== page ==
1996 - Joseph L. Melnick, Ph.D., D.Sc. (d. 2001)
Teacher and leader

Joseph L. Melnick did groundbreaking work in polio research. As founding Chairman of the acclaimed Department of Virology and Epidemiology at Baylor College of Medicine, he trained more than 100 virologists at the Ph.D. or postdoctoral level, many of whom now are leading efforts to develop new vaccines and improve immunization.

1995 - Robert M. Chanock, M.D. (d. 2010)
The breath of life

Robert M. Chanock is Chief of the Laboratory of Infectious Diseases, National Institute of Allergy and Infectious Diseases, National Institutes of Health. He was the first to identify and characterize respiratory syncytial virus (RSV), which each year contributes to the deaths of one million infants and children worldwide. Dr. Chanock began his career in Dr. Albert Sabin's laboratory at the University of Cincinnati.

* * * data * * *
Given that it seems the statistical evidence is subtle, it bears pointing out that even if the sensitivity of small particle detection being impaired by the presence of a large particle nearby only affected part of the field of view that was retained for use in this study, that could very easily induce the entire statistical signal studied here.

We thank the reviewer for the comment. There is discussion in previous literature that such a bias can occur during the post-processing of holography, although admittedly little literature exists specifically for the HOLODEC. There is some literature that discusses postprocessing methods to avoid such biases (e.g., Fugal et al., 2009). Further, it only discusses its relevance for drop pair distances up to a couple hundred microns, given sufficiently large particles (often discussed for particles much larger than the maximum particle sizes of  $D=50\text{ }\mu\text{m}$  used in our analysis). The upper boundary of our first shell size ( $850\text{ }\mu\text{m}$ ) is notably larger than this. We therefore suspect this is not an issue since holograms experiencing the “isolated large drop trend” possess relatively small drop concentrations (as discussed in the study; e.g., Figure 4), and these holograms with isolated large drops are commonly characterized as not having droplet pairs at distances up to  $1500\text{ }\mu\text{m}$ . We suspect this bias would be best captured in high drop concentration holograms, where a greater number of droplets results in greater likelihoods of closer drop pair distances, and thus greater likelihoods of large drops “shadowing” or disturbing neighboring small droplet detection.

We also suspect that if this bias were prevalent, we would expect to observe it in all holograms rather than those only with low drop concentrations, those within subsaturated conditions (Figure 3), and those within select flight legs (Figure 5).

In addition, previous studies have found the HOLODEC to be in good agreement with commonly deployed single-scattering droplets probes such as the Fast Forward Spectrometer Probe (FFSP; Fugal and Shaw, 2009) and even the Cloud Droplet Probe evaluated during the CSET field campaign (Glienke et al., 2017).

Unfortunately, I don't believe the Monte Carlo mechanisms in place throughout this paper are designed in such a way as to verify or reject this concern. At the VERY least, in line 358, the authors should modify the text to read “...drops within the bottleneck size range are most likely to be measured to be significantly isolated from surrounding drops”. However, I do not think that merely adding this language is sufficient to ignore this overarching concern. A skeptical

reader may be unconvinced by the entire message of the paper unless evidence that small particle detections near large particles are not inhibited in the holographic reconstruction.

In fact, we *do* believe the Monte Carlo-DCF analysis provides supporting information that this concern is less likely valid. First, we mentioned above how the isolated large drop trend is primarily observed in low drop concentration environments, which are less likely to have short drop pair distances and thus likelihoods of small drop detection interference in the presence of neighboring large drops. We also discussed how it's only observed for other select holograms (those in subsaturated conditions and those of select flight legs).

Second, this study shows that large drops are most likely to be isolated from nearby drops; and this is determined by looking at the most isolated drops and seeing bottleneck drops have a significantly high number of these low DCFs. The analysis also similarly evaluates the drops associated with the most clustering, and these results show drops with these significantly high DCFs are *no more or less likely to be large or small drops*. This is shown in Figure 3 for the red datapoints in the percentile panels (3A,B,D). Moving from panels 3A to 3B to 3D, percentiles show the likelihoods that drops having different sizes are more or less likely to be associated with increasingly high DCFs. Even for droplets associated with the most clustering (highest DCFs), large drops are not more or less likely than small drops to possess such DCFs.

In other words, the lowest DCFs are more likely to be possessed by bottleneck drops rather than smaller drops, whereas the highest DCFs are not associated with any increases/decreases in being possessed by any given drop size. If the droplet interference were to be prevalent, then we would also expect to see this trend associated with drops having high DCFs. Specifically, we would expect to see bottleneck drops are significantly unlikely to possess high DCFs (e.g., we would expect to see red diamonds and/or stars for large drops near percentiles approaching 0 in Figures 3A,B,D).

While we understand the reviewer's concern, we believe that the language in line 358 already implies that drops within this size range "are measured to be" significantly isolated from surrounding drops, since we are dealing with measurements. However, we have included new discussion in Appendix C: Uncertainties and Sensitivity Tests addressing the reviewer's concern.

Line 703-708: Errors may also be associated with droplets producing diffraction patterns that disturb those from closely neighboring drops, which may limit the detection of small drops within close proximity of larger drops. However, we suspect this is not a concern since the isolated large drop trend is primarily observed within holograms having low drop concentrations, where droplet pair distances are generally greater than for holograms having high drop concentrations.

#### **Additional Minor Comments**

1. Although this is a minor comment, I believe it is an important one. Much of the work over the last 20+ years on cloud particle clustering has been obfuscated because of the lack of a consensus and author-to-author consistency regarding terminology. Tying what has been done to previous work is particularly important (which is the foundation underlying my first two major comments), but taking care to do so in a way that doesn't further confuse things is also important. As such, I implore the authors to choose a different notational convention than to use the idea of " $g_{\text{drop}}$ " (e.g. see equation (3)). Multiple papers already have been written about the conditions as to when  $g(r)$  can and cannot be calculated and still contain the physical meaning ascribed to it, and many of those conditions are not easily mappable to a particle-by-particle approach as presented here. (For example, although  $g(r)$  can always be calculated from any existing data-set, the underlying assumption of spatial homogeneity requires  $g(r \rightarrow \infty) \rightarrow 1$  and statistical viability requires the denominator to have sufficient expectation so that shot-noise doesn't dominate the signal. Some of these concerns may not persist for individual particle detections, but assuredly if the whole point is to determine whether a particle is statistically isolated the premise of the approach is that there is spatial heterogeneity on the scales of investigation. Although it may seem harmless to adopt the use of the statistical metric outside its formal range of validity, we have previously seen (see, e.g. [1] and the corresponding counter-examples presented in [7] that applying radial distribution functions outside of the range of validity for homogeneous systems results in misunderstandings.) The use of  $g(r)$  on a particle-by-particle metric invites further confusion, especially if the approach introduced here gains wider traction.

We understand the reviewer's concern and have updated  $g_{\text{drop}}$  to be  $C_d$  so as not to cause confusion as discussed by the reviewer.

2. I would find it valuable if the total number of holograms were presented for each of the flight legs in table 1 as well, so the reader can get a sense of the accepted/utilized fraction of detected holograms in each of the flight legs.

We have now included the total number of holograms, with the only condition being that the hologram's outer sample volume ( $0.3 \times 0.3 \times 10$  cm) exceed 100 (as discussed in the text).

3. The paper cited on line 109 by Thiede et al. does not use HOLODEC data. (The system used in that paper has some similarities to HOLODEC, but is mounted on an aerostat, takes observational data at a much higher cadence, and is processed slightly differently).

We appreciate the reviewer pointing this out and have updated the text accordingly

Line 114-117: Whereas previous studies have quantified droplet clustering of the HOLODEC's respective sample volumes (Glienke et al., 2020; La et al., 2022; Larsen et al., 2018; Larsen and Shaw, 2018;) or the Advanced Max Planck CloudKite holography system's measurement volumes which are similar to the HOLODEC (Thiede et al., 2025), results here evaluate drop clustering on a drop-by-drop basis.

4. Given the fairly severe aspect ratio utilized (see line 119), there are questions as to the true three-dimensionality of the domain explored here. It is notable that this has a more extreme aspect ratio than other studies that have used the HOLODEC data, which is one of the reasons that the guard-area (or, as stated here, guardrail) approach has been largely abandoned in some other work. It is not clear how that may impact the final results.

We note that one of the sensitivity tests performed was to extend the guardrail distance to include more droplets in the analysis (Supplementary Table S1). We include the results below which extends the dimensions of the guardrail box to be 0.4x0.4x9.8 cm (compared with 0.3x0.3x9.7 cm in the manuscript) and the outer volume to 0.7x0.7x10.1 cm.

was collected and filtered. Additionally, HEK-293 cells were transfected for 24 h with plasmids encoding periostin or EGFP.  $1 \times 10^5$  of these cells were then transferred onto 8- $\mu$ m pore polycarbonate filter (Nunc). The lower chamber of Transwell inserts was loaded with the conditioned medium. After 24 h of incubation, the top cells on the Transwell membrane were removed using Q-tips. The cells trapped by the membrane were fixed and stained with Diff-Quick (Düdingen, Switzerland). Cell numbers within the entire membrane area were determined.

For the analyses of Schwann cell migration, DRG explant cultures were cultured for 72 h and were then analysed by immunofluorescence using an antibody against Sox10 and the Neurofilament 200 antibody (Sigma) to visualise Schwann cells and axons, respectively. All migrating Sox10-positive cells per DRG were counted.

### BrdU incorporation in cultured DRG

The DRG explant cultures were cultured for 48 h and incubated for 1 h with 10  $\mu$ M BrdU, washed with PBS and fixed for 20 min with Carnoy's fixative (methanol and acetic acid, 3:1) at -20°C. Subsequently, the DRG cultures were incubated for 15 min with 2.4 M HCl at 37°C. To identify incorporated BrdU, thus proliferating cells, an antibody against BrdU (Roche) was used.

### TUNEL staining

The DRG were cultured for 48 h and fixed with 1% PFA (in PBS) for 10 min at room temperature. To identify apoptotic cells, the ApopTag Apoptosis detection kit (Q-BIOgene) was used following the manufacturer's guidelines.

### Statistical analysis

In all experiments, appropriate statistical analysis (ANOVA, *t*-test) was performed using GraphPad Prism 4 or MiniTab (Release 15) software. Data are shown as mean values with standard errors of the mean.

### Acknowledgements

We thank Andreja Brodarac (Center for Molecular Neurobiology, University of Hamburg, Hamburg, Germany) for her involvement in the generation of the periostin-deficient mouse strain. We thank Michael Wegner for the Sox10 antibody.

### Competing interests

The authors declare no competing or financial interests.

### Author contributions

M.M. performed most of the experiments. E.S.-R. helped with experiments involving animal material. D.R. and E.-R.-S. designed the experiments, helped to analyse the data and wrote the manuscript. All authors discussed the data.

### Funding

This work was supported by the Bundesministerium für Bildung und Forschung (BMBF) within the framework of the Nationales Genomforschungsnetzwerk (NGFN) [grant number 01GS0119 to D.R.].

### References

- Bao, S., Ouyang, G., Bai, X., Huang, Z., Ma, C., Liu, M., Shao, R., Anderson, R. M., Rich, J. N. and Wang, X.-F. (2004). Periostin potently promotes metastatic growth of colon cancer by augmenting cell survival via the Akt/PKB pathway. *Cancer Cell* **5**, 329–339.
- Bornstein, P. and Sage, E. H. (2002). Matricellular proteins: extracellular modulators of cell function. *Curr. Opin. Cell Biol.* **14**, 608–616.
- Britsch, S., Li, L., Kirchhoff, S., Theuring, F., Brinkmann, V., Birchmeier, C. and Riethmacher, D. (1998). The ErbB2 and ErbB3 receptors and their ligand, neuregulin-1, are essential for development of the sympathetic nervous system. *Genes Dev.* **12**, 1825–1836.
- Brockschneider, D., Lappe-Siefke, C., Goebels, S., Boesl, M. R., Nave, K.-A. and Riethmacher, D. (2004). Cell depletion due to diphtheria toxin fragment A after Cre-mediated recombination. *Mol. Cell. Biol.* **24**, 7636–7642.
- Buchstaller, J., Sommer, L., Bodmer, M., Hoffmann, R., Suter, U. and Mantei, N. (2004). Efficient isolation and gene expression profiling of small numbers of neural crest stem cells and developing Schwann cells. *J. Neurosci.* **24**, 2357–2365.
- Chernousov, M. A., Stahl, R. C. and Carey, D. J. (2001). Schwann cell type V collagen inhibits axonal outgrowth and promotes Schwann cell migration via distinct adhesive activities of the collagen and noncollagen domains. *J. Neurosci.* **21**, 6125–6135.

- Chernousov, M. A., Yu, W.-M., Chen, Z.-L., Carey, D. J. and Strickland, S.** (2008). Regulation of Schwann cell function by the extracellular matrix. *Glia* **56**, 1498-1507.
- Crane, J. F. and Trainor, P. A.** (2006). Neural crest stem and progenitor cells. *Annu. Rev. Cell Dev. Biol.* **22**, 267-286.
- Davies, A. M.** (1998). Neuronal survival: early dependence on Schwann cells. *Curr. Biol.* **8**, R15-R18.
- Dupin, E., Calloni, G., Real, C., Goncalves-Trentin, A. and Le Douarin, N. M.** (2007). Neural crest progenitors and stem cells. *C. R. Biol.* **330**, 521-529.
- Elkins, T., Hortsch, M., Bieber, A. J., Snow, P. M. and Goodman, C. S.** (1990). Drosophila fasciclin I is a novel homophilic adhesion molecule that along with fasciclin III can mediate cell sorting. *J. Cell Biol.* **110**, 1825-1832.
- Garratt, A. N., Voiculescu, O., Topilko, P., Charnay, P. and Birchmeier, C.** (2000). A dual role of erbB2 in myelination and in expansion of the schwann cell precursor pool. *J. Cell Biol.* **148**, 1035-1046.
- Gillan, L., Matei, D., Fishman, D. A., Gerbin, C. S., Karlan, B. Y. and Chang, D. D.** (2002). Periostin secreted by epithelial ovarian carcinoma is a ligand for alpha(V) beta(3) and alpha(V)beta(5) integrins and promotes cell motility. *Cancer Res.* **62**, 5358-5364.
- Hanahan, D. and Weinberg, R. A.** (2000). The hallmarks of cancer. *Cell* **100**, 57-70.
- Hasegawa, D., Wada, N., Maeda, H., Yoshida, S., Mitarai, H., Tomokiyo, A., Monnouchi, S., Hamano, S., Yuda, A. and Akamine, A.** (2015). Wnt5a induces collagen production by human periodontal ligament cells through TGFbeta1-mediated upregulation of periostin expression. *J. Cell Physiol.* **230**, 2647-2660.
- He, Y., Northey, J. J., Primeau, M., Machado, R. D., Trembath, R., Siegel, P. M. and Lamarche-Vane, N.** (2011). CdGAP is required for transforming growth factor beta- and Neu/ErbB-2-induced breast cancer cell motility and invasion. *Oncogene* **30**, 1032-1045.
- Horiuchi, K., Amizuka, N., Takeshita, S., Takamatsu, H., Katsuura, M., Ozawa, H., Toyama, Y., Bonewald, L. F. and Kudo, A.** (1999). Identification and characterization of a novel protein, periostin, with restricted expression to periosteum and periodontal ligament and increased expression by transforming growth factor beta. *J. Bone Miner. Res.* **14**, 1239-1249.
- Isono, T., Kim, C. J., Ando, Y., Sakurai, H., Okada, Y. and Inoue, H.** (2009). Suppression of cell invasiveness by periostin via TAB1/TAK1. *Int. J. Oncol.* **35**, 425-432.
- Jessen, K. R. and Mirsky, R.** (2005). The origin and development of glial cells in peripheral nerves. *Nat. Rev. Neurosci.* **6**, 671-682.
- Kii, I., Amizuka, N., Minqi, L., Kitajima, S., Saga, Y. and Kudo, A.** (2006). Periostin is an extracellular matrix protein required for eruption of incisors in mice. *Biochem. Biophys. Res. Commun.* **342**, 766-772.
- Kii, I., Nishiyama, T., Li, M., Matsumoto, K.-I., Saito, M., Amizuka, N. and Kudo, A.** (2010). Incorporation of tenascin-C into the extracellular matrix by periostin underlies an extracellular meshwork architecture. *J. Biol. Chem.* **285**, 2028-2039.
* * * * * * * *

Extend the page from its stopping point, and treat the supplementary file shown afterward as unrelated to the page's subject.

1994 - Donald A. Henderson, M.D., M.P.H. (d. 2016)
Eradicating an ancient scourge

Donald A. Henderson directed the decade-long World Health Organization global campaign that eradicated smallpox. He oversaw more than 700 advisors from 69 countries, as well as 200,000 national health staff and volunteers. Dr. Henderson has served as the U.S. Deputy Assistant Secretary for Health in the Department of Health and Human Services and as a Presidential science advisor.